Notice the homeschool convention has also thrown out AiG as a vendor. Why? They never mention that AiG had been promoting their conference regularly on their popular website and through their mass emailings. So it’s quite hypocritical for the convention to whine about how much they spent to bring Ken in, since he brings in far more money for the convention than they spend. It’s also hypocritical for them to replace him with Dr. Sarfati. While I happen to like Dr. Sarfati, he is far more abrasive in his writing than Ken has ever been. It’s also hypocritical for the convention to go back on their word—they knew Ken would speak against BioLogos and their speakers. In fact, the conference organizer, Brennan Dean, told AiG’s Mark Looy that he would expect nothing less from AiG. To now go out and complain about it and slander Ken for doing what he said he would do is wrong.
      The whole thing is a big mess and I pray there will be a peaceful resolution to it. Thanks again for the correction and for taking the time to read.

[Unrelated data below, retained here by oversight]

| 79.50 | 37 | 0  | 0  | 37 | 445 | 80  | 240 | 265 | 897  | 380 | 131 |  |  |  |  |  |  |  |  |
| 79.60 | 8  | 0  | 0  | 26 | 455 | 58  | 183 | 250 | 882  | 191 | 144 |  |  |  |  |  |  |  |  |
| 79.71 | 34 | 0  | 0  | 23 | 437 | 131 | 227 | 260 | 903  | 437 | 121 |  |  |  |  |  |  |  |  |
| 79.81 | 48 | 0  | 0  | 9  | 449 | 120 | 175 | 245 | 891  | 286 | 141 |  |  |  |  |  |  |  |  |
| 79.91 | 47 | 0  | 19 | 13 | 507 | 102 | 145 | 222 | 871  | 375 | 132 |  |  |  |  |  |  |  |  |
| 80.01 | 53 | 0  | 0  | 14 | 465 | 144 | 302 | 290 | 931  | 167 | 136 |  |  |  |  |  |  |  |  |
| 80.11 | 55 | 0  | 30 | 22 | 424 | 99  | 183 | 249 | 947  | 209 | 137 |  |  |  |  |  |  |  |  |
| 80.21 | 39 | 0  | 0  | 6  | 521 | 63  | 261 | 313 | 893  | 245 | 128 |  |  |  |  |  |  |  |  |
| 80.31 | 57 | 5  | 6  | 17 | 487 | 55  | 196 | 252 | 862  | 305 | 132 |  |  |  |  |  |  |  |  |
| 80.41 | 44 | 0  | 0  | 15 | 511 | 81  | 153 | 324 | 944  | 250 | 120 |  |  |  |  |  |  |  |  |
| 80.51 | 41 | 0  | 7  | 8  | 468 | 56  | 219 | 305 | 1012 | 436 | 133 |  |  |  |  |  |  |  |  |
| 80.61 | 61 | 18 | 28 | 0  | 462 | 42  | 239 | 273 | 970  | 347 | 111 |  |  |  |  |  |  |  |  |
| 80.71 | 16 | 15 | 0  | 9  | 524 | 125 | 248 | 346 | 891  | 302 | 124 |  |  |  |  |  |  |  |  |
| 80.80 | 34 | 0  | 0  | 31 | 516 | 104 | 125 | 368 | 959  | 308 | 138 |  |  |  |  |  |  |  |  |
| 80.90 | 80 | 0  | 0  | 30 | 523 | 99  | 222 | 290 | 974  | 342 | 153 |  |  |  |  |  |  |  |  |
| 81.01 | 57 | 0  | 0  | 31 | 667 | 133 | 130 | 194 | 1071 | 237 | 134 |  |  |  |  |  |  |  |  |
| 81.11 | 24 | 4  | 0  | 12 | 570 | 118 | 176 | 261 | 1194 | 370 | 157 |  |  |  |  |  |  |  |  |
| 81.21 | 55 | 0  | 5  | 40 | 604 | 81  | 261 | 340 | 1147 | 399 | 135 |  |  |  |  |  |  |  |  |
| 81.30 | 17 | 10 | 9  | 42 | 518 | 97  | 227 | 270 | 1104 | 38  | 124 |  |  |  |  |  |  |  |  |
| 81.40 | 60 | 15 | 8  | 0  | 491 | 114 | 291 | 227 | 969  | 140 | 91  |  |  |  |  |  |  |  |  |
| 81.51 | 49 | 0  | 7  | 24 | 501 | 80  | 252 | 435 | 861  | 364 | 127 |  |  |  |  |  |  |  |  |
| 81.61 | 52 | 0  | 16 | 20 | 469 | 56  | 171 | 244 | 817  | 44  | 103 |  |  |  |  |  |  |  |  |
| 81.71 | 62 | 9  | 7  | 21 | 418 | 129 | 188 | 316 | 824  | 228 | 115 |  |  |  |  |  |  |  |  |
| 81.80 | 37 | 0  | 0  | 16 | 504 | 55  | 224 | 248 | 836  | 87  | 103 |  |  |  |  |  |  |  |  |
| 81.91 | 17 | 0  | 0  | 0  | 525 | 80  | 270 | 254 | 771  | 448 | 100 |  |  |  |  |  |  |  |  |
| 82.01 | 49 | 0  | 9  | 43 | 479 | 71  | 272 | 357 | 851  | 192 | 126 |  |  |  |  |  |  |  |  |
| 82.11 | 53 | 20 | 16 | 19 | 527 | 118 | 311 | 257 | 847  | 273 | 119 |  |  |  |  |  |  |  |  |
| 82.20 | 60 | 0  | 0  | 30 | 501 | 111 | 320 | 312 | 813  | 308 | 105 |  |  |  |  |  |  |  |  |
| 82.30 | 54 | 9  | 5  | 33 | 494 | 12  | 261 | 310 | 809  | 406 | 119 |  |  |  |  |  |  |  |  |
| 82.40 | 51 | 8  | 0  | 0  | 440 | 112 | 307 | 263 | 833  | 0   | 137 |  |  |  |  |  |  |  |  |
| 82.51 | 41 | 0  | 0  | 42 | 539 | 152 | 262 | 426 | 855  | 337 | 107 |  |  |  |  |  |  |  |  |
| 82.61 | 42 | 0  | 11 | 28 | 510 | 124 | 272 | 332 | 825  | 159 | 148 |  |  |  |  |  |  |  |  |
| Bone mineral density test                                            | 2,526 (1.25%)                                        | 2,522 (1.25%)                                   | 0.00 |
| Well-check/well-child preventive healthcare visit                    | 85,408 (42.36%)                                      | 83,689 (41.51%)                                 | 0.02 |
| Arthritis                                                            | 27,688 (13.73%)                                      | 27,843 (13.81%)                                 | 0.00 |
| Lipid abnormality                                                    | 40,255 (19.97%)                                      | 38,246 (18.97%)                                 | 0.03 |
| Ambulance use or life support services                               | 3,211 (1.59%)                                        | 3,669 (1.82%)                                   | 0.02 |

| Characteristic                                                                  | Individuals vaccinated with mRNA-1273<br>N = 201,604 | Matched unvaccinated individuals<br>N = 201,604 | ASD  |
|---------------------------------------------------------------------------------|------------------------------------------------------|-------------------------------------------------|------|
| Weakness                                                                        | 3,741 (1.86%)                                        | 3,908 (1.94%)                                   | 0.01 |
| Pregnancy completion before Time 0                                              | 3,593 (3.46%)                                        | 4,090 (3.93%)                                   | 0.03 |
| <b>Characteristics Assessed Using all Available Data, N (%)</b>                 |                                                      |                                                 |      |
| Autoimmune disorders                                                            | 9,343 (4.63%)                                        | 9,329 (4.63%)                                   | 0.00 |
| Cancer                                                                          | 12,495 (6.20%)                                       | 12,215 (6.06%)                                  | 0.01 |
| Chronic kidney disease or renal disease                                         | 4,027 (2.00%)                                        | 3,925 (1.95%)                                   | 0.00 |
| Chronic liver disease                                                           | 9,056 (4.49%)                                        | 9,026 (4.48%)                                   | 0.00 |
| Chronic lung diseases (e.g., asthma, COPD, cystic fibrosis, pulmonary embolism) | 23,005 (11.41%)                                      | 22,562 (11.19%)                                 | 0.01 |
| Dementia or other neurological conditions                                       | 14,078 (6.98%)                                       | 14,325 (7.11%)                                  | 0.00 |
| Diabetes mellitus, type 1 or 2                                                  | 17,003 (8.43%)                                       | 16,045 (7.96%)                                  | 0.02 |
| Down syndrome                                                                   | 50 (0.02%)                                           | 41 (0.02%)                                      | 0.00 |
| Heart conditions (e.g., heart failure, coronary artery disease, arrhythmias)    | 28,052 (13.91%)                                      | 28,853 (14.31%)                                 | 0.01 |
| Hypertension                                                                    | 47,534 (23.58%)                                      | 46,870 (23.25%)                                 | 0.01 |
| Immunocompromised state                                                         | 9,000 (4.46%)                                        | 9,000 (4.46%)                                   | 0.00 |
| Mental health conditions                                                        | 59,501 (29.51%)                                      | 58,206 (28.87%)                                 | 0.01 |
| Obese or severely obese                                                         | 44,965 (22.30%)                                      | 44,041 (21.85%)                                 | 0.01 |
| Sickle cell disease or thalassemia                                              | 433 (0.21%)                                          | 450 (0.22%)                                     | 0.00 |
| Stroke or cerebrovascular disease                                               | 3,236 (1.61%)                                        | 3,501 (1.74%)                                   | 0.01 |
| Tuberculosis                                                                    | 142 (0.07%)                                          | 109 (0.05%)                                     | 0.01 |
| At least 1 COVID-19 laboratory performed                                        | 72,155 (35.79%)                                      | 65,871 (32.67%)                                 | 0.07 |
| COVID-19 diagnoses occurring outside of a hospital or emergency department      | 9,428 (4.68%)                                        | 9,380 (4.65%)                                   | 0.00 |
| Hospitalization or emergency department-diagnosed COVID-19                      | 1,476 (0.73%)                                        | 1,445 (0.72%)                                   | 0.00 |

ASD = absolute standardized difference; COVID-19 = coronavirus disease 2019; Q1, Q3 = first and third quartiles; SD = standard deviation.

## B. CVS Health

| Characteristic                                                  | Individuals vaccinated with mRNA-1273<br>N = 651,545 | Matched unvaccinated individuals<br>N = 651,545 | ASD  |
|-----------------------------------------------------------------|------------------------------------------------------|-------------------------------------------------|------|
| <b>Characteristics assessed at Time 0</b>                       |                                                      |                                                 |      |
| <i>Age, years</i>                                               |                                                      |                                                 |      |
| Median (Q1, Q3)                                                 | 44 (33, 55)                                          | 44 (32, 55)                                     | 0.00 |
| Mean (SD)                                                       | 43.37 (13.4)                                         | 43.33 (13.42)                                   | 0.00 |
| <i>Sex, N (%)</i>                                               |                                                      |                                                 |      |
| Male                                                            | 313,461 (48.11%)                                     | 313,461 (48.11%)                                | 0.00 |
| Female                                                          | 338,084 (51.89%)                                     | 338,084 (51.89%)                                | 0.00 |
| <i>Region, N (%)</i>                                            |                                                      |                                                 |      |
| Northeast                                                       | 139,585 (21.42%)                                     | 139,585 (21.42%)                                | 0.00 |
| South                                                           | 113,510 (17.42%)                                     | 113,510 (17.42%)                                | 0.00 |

5. Thanks for such a good article/blog. This compares to how the world and many Christians unfortunately misunderstand scripture & criticize against being “judgemental.” We are actually told to call sin sin. No, we are not to judge state of someone’s heart, but when blatent unrepentent sin is present….

  6. Great Post!! I have been watching this unfold. If you would like to support homeschoolers who are wanting to stand up for correct marketing of Biblical and prevent the false marketing of non-biblical curriculum, I invite you to join.!/ChristianHomeschoolersTakingaStand?sk=info

    Thanks so much for helping get the truth out in the homeschool loop.